China denies the allegations. But they did so in an unusual way, taking aim at specific U.S. espionage programs.

What they're saying: "I'm sure those who have long been following cybersecurity issues must still remember the PRISM program and have heard of the Equation Group," said Foreign Ministry spokesperson Geng Shuang at a Tuesday press conference, referencing a U.S. bulk surveillance program outlined in the Snowden documents and a vaunted espionage group believed to be part of the NSA. "They may also have known that certain country has been wantonly waging 'cyber war' against other countries."

To be clear: All countries spy, many, if not most countries use hacking as part of their spying, and spying with the intent of informing government decisions is generally considered more of a jaywalking infraction than felony on the global stage.

  • Targeting dissidents is less acceptable to the Western liberal order.
  • If China has any specific allegations of the U.S. hacking its systems, they can contact me at this email address.
3. Equifax's code downloaded more after breach

In 2017, Hackers entered Equifax using a vulnerability in the open source Apache Struts library. And, despite that being one of the largest and best publicized breaches in history, downloads of the vulnerable, unpatched Struts library increased.

Why it matters: The data, compiled in Sonatype's new State of the Software Supply Chain report, is emblematic of a bigger problem in open source software: People often chose out of date code long after security problems are discovered.

By the numbers: When the vulnerability in Struts was announced in March of 2017, the vulnerable code was downloaded 1.78 million times that month despite a patched version being available.

  • The monthly rate was relatively constant through the announcement of the breach in September of that year.
  • In October, downloads crossed 2 million a month for the first time.
  • Between July and November of 2018, the last months Sonatype publish data for, that version of struts was downloaded more than 2 million times each month.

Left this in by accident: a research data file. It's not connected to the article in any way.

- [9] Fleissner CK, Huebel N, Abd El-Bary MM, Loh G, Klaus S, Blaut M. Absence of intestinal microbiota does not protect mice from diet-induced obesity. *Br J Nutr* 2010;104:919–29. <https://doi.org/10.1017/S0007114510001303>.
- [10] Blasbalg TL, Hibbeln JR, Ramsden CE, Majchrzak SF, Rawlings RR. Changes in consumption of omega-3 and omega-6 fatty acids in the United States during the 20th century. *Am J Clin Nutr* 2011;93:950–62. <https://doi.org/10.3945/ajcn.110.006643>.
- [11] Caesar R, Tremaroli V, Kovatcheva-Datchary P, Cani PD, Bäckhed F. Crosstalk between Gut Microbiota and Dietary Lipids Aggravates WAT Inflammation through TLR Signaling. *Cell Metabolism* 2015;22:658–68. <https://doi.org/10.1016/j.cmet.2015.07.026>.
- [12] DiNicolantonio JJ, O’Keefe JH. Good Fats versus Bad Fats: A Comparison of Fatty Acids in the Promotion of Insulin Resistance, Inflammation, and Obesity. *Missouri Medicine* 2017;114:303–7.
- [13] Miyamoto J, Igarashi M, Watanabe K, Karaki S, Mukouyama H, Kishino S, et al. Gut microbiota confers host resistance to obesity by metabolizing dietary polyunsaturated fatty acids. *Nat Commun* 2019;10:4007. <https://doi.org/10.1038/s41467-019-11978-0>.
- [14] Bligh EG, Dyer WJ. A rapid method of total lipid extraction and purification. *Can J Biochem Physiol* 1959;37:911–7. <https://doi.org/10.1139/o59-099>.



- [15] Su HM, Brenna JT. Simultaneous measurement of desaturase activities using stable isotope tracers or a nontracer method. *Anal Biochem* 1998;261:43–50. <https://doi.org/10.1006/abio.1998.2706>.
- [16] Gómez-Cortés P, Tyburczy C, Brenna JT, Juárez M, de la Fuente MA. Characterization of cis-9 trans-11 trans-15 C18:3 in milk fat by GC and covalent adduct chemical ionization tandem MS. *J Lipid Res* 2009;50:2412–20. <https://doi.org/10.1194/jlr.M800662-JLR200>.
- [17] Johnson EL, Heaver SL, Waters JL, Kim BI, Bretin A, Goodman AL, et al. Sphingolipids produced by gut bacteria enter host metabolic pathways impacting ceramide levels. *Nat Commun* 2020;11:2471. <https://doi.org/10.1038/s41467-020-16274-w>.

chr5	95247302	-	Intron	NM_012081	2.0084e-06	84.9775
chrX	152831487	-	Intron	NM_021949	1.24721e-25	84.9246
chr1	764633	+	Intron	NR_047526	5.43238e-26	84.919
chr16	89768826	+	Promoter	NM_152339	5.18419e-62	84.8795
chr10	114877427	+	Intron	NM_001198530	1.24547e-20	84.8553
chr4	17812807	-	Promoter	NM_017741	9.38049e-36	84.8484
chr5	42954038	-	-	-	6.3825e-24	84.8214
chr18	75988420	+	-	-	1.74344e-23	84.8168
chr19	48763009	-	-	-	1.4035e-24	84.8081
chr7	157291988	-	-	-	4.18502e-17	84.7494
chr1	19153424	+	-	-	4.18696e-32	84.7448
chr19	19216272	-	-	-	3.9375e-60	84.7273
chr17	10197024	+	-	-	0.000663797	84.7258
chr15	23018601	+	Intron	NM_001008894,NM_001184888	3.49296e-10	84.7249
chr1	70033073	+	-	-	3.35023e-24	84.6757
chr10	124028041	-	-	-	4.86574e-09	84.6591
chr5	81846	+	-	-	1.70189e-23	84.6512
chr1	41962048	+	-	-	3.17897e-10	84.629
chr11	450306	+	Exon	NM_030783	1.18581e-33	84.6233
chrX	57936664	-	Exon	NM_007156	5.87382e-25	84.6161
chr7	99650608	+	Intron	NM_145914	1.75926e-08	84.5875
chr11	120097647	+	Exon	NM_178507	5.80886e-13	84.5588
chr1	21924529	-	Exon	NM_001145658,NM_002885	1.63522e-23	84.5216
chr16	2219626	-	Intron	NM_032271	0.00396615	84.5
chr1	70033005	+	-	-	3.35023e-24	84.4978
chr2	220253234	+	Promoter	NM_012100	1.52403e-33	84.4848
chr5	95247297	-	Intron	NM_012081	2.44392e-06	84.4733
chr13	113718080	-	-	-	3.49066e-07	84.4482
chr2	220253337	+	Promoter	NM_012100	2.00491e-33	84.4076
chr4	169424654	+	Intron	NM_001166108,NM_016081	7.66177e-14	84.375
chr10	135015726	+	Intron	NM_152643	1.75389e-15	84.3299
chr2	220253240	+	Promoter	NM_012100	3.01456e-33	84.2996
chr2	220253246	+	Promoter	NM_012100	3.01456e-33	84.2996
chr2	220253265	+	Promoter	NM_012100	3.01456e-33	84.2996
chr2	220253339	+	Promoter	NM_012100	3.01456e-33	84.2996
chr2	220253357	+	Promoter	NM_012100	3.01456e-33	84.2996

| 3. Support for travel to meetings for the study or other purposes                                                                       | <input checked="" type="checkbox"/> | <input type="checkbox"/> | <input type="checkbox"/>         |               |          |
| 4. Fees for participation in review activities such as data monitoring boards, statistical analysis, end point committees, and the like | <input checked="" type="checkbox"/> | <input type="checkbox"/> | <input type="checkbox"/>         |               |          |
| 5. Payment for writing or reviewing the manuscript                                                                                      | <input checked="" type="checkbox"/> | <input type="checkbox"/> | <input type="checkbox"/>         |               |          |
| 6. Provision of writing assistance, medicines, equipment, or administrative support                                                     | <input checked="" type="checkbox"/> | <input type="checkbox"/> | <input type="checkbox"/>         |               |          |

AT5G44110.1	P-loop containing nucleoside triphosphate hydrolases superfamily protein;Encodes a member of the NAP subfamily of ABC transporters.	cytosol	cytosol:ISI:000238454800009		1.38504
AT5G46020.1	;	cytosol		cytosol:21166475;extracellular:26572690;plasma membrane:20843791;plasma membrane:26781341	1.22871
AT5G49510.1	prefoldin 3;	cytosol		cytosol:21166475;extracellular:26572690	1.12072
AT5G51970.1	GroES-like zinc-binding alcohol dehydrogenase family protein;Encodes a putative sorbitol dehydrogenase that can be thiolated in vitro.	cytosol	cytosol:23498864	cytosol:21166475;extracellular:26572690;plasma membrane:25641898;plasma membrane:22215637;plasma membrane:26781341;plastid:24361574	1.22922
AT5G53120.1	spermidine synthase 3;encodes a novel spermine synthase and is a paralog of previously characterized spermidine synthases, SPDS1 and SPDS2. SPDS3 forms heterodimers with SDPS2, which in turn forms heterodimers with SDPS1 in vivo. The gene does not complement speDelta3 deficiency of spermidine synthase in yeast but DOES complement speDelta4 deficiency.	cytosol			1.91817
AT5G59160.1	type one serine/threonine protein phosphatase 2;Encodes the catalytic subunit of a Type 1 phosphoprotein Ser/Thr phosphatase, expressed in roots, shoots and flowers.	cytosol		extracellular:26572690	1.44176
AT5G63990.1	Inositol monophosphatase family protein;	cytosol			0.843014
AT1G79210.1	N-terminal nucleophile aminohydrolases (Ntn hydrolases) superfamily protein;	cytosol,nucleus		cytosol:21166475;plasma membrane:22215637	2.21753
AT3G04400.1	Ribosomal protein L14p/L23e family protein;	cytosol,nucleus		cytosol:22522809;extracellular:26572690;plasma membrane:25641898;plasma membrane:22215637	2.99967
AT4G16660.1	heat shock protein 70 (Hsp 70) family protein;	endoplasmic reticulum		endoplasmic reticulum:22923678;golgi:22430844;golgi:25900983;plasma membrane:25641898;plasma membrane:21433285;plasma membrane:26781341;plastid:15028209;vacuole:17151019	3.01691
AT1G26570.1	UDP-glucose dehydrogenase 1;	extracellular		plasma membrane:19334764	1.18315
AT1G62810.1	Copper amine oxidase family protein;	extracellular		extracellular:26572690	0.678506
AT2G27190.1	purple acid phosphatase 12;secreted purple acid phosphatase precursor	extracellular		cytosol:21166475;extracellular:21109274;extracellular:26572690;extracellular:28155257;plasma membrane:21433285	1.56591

4. In case you missed last week

A gallery showing of President Trump's tweets sponsored by The Daily Show. Photo: Andrew Caballero-Renyolds/AFP via Getty Images

China will require an end to U.S. war on Huawei in trade talks: President Trump has, in the past, implied that all Huawei options can be negotiated, much to the chagrin of national security experts who feel trade and security should be kept in separate buckets. (Wall Street Journal)

  • Intel, Micron and others have reportedly found ways to avoid labeling their products as American made, allowing them to continue selling to Huawei despite the pending export ban.
  • Meanwhile, FedEx has sued to be let off the hook for exporting barred equipment to Huawei.

Trump to throw a "social media summit": Trump will hold a "social media summit" on July 11, accusing major platforms of "trying to rig the election" on the Fox Business Channel. (Wall Street Journal)

  • While the right often complains about a litany of ways social media firms are censoring them, there isn't evidence of any specific political ideology being targeted by a major platform.

Ransomware attacks net $1.1 million in Florida cities: Over the course of about a week, Riviera Beach and Lake City, Florida each paid ransomware swindlers hundreds of thousands of dollars to recover encrypted files. (WUSF)

  • Ransomware attacks on cities aren't anything new. Last year, Atlanta spent millions of dollars recovering from a similar attack and we don't know the two Floridian events in such a short time frame were more than a coincidence.

Facebook's failed to quash a data breach lawsuit. (Cyberscoop)

5. Odds and ends

Codebook will return next week.